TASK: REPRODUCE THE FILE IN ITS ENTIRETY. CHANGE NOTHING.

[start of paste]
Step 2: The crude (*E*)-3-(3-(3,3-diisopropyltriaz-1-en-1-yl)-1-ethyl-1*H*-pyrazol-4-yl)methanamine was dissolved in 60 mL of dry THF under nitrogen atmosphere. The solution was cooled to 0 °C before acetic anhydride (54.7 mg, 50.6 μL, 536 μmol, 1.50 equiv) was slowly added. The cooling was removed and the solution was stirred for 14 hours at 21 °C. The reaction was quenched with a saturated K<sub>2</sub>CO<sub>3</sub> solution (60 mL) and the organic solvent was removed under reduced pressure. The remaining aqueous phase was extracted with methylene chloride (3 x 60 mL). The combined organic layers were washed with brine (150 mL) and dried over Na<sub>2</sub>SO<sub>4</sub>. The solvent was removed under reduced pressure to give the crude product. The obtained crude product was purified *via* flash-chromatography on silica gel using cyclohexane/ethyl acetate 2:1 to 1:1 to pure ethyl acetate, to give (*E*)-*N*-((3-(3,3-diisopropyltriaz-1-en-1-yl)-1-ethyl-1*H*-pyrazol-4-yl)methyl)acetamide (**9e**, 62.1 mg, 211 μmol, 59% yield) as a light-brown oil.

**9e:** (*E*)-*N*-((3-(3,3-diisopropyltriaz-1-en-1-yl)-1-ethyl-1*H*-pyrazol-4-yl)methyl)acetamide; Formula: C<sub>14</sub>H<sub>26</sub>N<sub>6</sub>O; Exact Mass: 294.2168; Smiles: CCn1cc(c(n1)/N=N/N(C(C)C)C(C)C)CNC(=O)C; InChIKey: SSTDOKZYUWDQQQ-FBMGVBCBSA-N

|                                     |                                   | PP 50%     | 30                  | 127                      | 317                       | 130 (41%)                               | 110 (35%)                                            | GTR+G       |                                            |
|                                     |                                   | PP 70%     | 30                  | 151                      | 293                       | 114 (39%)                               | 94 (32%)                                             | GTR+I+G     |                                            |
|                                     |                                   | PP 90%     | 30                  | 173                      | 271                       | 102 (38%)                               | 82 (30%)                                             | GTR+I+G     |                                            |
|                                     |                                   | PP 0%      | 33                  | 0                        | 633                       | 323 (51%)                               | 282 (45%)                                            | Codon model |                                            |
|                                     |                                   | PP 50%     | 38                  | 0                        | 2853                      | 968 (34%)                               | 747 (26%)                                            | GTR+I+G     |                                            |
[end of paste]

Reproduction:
Step 2: The crude (*E*)-3-(3-(3,3-diisopropyltriaz-1-en-1-yl)-1-ethyl-1*H*-pyrazol-4-yl)methanamine was dissolved in 60 mL of dry THF under nitrogen atmosphere. The solution was cooled to 0 °C before acetic anhydride (54.7 mg, 50.6 μL, 536 μmol, 1.50 equiv) was slowly added. The cooling was removed and the solution was stirred for 14 hours at 21 °C. The reaction was quenched with a saturated K<sub>2</sub>CO<sub>3</sub> solution (60 mL) and the organic solvent was removed under reduced pressure. The remaining aqueous phase was extracted with methylene chloride (3 x 60 mL). The combined organic layers were washed with brine (150 mL) and dried over Na<sub>2</sub>SO<sub>4</sub>. The solvent was removed under reduced pressure to give the crude product. The obtained crude product was purified *via* flash-chromatography on silica gel using cyclohexane/ethyl acetate 2:1 to 1:1 to pure ethyl acetate, to give (*E*)-*N*-((3-(3,3-diisopropyltriaz-1-en-1-yl)-1-ethyl-1*H*-pyrazol-4-yl)methyl)acetamide (**9e**, 62.1 mg, 211 μmol, 59% yield) as a light-brown oil.

**9e:** (*E*)-*N*-((3-(3,3-diisopropyltriaz-1-en-1-yl)-1-ethyl-1*H*-pyrazol-4-yl)methyl)acetamide; Formula: C<sub>14</sub>H<sub>26</sub>N<sub>6</sub>O; Exact Mass: 294.2168; Smiles: CCn1cc(c(n1)/N=N/N(C(C)C)C(C)C)CNC(=O)C; InChIKey: SSTDOKZYUWDQQQ-FBMGVBCBSA-N

|                                     |                                   | PP 50%     | 30                  | 127                      | 317                       | 130 (41%)                               | 110 (35%)                                            | GTR+G       |                                            |
|                                     |                                   | PP 70%     | 30                  | 151                      | 293                       | 114 (39%)                               | 94 (32%)                                             | GTR+I+G     |                                            |
|                                     |                                   | PP 90%     | 30                  | 173                      | 271                       | 102 (38%)                               | 82 (30%)                                             | GTR+I+G     |                                            |
|                                     |                                   | PP 0%      | 33                  | 0                        | 633                       | 323 (51%)                               | 282 (45%)                                            | Codon model |                                            |
|                                     |                                   | PP 50%     | 38                  | 0                        | 2853                      | 968 (34%)                               | 747 (26%)                                            | GTR+I+G     |                                            |